Sunday, May 3, 2015

Missouri River dams too toxic to drain as corps cancel Spring Pulse



Lewis and Clark Lake is 30% full of sediment.
Last month, the Minnesota Pollution Control Agency released a report that showed that no lakes, and only a few streams, in the Minnesota portion of the Missouri River Basin met state standards for supporting aquatic life and recreation, meaning they are not safe for fishing and swimming. None of the lakes in the Missouri River Basin met the aquatic recreation standard. [Fulda Free Press]
Findings of more than a hundred studies on individual dam removals were published recently in the journal Science. Here's a snip from the abstract:
Forty years ago, the demolition of large dams was mostly fiction, notably plotted in Edward Abbey's novel The Monkey Wrench Gang. Its 1975 publication roughly coincided with the end of large-dam construction in the United States. Last year's removals of the 64-m-high Glines Canyon Dam and the 32-m-high Elwha Dam in northwestern Washington State were among the largest yet, releasing over 10 million cubic meters of stored sediment. [ECOLOGY: 1000 dams down and counting]
Low-head dams can be lethal. As silt fills irrigation diversion dams lower quality water with higher salinity enters the system ultimately rendering soils incapable of supporting life. Snow and rainwater capture provide much higher quality water for irrigation likely making the beleaguered Lewis and Clark boondoggle obsolete before it's finished or even fully funded.

Aquifer sources are not considered high quality water for irrigation but fossil water from limestone contains the minerals that made us human. Note the huge number of Hutterite communities applying for permits awaiting approval at South Dakota's Department of Ecocide and Natural Ruination to pump dwindling aquifers.

Some want to dredge Lewis and Clark and sell the silt as frac sand because its too toxic to remediate.

A study released 2 April in the journal Environmental Research Letters found that the renewable fuel requirement is transforming the Midwest landscape.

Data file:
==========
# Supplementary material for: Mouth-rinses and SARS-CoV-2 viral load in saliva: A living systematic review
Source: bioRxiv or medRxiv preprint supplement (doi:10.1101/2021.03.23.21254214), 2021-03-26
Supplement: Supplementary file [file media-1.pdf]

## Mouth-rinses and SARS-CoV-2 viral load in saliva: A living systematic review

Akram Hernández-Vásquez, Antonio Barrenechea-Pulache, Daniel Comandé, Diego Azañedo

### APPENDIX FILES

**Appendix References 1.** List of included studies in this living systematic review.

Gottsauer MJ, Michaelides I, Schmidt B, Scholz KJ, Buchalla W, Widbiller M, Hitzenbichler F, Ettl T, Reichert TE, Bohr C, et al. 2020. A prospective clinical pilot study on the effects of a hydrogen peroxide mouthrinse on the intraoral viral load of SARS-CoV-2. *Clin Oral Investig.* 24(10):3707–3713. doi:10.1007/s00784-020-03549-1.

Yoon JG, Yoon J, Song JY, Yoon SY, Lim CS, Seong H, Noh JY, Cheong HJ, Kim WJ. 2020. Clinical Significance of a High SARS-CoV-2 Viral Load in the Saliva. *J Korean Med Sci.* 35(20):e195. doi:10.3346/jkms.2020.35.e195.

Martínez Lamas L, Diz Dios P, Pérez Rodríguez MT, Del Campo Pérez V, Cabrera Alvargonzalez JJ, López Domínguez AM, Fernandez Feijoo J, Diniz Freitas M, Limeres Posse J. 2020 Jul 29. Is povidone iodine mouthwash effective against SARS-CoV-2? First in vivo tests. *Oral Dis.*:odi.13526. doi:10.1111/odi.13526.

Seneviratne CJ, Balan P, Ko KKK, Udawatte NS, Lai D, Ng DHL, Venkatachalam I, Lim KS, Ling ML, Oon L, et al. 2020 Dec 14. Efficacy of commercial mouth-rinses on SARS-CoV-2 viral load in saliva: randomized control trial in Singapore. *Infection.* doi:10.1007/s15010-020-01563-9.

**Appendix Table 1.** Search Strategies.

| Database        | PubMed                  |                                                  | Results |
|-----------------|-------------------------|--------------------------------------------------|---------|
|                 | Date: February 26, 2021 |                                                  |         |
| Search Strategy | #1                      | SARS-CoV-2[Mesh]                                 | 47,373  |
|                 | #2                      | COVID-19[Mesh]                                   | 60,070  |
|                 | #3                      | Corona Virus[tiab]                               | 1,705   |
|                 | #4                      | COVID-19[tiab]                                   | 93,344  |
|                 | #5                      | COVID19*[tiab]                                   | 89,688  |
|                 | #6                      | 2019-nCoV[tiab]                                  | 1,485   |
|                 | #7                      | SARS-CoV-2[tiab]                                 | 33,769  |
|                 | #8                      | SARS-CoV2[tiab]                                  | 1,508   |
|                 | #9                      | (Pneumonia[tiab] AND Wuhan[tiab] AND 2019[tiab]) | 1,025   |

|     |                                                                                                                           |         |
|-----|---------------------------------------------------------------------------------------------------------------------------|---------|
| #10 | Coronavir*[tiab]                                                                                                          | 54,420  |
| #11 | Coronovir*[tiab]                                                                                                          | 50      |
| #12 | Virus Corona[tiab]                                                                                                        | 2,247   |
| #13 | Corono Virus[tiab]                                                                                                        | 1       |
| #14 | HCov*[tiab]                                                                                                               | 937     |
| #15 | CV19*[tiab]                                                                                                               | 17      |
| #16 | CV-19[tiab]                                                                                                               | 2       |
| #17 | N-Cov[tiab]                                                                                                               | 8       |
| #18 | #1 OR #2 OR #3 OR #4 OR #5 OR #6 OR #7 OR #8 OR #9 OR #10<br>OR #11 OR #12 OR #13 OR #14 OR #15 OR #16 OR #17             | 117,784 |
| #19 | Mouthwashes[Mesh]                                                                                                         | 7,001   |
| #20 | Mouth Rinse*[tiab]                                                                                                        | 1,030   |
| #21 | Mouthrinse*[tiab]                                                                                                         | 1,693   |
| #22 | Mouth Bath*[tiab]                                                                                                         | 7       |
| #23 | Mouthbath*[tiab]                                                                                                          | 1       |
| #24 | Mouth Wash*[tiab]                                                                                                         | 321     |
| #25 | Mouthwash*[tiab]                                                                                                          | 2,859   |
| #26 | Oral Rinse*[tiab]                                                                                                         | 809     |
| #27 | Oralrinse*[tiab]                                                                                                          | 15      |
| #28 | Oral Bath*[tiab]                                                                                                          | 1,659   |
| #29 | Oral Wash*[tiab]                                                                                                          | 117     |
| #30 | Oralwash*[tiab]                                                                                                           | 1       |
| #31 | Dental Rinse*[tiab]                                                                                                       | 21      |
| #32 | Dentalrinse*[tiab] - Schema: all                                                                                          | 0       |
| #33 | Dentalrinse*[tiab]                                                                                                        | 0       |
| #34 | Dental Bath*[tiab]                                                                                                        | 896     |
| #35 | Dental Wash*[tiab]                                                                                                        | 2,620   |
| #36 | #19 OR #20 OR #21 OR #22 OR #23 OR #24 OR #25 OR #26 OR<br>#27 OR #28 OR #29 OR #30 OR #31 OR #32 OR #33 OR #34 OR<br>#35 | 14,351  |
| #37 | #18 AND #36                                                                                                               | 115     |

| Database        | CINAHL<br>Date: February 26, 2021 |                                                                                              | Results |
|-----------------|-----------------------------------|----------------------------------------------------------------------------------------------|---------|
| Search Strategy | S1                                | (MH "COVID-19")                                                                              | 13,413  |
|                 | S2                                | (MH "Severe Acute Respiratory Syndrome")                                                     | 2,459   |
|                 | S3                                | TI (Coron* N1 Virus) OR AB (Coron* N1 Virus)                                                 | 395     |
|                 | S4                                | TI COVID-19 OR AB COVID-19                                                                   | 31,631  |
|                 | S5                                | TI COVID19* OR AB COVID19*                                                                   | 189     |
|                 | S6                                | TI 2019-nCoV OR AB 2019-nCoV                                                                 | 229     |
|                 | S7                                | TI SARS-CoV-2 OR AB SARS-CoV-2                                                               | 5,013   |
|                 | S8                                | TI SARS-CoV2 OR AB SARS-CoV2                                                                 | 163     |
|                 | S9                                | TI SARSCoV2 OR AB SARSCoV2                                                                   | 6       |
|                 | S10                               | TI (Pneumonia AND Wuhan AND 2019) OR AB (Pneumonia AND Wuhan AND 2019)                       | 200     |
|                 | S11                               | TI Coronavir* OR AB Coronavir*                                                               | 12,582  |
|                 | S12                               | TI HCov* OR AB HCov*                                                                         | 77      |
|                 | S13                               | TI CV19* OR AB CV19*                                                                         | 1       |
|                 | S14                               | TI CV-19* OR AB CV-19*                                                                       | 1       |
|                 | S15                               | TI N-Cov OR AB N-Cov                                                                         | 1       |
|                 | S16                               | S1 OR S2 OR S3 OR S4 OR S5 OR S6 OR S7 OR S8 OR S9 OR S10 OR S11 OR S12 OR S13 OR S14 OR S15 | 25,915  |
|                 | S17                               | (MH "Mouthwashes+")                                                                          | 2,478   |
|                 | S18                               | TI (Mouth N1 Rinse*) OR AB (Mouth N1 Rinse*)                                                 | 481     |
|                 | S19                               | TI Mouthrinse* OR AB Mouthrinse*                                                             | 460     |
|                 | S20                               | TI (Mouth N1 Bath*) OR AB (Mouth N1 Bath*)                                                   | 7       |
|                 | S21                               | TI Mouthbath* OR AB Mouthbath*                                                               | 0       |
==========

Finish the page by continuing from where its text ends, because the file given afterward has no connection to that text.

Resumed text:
The massive increase in corn ethanol production has led growers to plow up millions of acres of grasslands to produce more corn and soybeans, degrading water and air quality and destroying critical wildlife habitat. How much more evidence will it take before Congress gets serious about reforming the Renewable Fuel Standard and putting that last nail into the coffin of the corn ethanol mandate? [AgMag Blog]
After cutting NASA's budget John Thune and the GOP leadership are postulating that Earth science being conducted by the agency is not real science.
SDSU scientists Bruce Millett and W. Carter Johnson, working with Glenn Guntenspergen of the U.S. Geological Survey, tracked 95 years of weather data from 18 weather stations throughout the region. They published that far-reaching study, “Climate trends in the North American prairie pothole region 1906-2000” in 2009 in the journal Climatic Change and have continued to research the topic since then. They chose the 18 weather stations for the completeness of the weather records available at those locations and because the 18 sites are well distributed across smaller ecoregions within the Prairie Pothole Region, or PPR. “Drainage of wetlands in the wetter, eastern PPR has lowered the potential of the PPR to produce waterfowl in a warmer greenhouse climate,” the scientists wrote in their study. [Nixon, SDSU scientists: Climate change may limit size of nation’s “duck factory”]
The frequency of dams on the Missouri River system is killing native fish and the game industry is restocking with non-native species.
Agriculture is the single largest source of nutrient and sediment pollution entering waters of Southwest and West Central Montana. [Upper Missouri Waterkeeper]
There was too water in the upper Missouri basin last October but because of low mountain run-off the US Army Corps of Engineers has cancelled (pdf) the 2015 March and May Pulses putting the success of spawning endangered pallid sturgeon at further risk of extinction while threatening the entire river system itself.

Rivers often disperse the extra sediment from behind a dam within weeks or months of dam removal. Removal of the Fort Edward Dam on New York’s Hudson River released so much contaminated sediment that the river was later named a Superfund site. A similar fate would befall the Missouri River if dams were not dredged before being decertified; but, migratory fish would recolonize newly accessible habitat within a matter of days.

We are truly fucked.

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